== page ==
As a Cornwall resident, I’ve seen Rock, Polzeath and Padstow draw staycationers by the carload. But now there’s a great new diversion from the main drag: The Pig at Harlyn Bay, which will entice not only the hotel group’s faithful (and fashionable) following but grateful locals alike.
A stroll away from Harlyn’s expansive beach, this is the seventh Pig hotel in the litter and it turns out to be seventh heaven for me. The beautifully renovated Grade II listed manor has 16th Century origins and medieval, Jacobean and Georgian features.
Its elegant exterior, grounds and bountiful walled kitchen garden take my mind off social distancing, and amiable staff respect physical space while being anything but distant in personality.
Vicki says that The Pig at Harlyn Bay will entice not only the hotel group’s faithful (and fashionable) following but grateful locals alike
Although sunny outside, the darkly atmospheric Map Room has a roaring fire and the bar is tempting. I’d already like to stay for Christmas.
Robin Hutson, founder of The Pigs, has a twinkle in his eye; his wife Judy, interior designer, spins yarns about catching couples in flagrante and the characters she’s imagined she’s decorating the hotels for (here, it’s actor Mark Rylance’s Thomas Cromwell from Hilary Mantel’s Wolf Hall).
After tea in an inviting snug, I climb the stunning staircase to my room. No 8 (of 11 in the manor house) is all moody dark green/grey tones with gnarly wooden floor, whopping great bed, and elaborately carved desk that demands a quill for writing.
Vicki writes: 'Robin Hutson, founder of The Pigs, has a twinkle in his eye; his wife Judy, interior designer, spins yarns about catching couples in flagrante and the characters she’s imagined she’s decorating the hotels for (here, it’s actor Mark Rylance’s Thomas Cromwell from Hilary Mantel’s Wolf Hall'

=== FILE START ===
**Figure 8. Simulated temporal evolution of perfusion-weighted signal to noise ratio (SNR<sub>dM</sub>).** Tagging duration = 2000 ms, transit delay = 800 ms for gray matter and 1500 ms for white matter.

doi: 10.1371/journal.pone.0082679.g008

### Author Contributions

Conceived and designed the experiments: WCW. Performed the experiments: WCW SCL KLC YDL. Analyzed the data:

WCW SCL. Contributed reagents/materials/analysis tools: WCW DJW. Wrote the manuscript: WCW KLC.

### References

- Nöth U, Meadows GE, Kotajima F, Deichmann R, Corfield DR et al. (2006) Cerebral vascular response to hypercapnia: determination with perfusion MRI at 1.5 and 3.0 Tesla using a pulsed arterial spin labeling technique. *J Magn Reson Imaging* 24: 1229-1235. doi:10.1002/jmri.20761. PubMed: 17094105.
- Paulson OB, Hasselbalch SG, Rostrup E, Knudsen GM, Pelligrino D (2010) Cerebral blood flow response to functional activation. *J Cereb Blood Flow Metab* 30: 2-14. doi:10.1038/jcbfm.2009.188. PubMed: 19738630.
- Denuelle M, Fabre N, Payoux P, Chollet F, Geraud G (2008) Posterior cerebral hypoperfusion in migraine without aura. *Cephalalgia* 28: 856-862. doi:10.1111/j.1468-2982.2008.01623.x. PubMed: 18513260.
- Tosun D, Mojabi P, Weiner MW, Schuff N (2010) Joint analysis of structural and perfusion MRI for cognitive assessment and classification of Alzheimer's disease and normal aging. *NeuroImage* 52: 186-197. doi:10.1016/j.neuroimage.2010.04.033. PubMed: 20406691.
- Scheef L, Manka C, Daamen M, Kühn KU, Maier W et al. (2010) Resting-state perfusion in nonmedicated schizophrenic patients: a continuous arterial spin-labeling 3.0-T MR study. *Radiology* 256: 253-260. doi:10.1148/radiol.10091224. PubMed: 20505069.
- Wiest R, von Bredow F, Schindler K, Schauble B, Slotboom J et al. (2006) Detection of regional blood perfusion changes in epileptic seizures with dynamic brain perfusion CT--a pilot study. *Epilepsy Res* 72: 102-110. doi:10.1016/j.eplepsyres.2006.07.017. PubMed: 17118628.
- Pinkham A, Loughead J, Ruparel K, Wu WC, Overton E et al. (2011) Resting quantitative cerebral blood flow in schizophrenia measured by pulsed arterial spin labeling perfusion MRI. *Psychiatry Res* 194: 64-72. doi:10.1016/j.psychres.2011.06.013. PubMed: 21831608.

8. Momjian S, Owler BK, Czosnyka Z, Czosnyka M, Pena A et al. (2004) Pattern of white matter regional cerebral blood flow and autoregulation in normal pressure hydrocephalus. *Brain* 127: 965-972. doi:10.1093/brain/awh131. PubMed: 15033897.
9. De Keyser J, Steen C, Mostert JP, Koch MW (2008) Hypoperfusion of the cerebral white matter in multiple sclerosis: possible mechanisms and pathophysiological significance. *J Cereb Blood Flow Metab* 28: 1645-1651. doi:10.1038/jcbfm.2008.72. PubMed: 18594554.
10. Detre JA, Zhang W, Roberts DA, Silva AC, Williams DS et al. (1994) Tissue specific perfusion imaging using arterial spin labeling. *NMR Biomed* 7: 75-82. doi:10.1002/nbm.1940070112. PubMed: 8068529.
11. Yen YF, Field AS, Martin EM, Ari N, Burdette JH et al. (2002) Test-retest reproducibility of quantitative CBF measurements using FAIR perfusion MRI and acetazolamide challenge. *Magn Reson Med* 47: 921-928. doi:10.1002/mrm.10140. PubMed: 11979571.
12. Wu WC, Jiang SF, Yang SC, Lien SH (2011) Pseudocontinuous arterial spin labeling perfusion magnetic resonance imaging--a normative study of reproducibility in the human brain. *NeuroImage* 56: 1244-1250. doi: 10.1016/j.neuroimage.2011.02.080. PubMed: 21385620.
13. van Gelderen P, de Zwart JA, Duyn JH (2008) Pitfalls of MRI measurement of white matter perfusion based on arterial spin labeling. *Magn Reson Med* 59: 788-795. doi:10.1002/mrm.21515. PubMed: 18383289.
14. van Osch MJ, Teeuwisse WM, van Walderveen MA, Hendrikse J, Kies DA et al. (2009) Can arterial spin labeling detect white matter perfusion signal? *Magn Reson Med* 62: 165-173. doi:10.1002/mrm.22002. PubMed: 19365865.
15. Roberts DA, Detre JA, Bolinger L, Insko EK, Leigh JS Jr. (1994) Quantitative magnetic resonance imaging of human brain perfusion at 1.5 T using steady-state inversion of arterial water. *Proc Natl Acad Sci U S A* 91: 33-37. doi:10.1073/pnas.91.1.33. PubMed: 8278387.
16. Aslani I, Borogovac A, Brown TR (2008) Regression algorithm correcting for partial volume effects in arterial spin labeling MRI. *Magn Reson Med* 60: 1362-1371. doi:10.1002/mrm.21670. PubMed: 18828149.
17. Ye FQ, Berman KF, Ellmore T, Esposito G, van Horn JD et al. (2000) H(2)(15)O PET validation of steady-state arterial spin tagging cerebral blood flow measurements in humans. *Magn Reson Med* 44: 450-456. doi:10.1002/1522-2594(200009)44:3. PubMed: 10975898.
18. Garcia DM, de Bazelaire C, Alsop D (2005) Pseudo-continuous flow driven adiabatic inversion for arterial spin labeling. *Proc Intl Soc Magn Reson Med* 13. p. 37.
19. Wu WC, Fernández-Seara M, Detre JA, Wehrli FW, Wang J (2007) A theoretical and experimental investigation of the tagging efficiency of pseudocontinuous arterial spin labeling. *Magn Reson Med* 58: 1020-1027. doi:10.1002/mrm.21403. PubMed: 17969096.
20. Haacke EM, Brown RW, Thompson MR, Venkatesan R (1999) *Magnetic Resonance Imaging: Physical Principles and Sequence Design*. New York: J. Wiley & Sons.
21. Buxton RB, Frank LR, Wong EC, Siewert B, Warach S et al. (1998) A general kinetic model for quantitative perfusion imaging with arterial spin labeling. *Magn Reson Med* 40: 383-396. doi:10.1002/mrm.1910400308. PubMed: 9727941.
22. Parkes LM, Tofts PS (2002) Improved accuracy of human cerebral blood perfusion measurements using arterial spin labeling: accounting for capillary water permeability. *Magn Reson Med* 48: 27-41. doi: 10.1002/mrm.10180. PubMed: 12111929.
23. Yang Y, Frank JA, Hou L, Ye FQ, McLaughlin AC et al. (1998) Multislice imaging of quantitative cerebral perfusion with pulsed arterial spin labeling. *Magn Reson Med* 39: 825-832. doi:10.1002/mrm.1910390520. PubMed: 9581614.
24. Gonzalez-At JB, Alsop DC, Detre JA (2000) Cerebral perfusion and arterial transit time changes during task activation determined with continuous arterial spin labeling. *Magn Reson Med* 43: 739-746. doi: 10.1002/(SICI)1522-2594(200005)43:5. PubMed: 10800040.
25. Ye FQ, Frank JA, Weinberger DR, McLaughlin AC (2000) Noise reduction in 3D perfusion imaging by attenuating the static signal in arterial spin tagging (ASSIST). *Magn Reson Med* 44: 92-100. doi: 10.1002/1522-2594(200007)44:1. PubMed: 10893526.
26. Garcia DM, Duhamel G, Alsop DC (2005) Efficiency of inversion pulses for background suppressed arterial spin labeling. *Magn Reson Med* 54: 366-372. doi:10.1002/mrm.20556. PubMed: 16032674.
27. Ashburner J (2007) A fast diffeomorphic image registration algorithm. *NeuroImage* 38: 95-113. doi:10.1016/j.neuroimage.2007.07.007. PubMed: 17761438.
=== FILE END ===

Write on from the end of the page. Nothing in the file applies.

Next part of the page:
The piece de resistance is a 15th Century stone frieze with mysterious sea beasts bordering the ceiling.
The large bathroom has a rainfall shower and huge tub by the window overlooking a pretty terrace where guests gather. A blind provides privacy as I soak.
There are 15 more stylish bedrooms in the new slate Stonehouse adjacent to the manor and a quartet of Garden Wagons which are like private suites – as well designed and comfortable as the other rooms.
Dinner in the rustic panelled dining room is relaxed (think no dress code, mismatching vintage crockery). Much of the seasonal menu is gleaned from the kitchen garden so vegetarian choices feel right.
Food is 'outstanding', with a ‘25-Mile Menu’ that includes Cornish seafood. Pictured is The Scullery
Intense-green pea soup has a toothsome twist: spiced almonds and black peppermint. Fennel risotto has crunchy tempura fennel tops and chilli oil. Mint mousse with chocolate sorbet is exquisite. Jovial drinks follow. Here’s to a country house hotel that feels much more country home.
The USP: Location, fabulous grub, warm atmosphere, knockout decor, great staff, Potting Shed spa.
The rooms: Sexy, fun, luxe – from generous main-house rooms, many with sea views, to the Stonehouse and Wagons. All have Nespressos, kettle and personal safety kits of masks, gloves and hand sanitiser.
The food: Outstanding, with emphasis on its kitchen garden produce and a ‘25-Mile Menu’ that includes Cornish seafood. Salmon is smoked on site. At breakfast, the ‘Full Pig Out’ is aptly named, croissants are the size of your head and compotes divine. The alfresco Lobster Shed’s char-grilled meat, wood-roasted lobster and barbecued vegetables are top-dollar choices.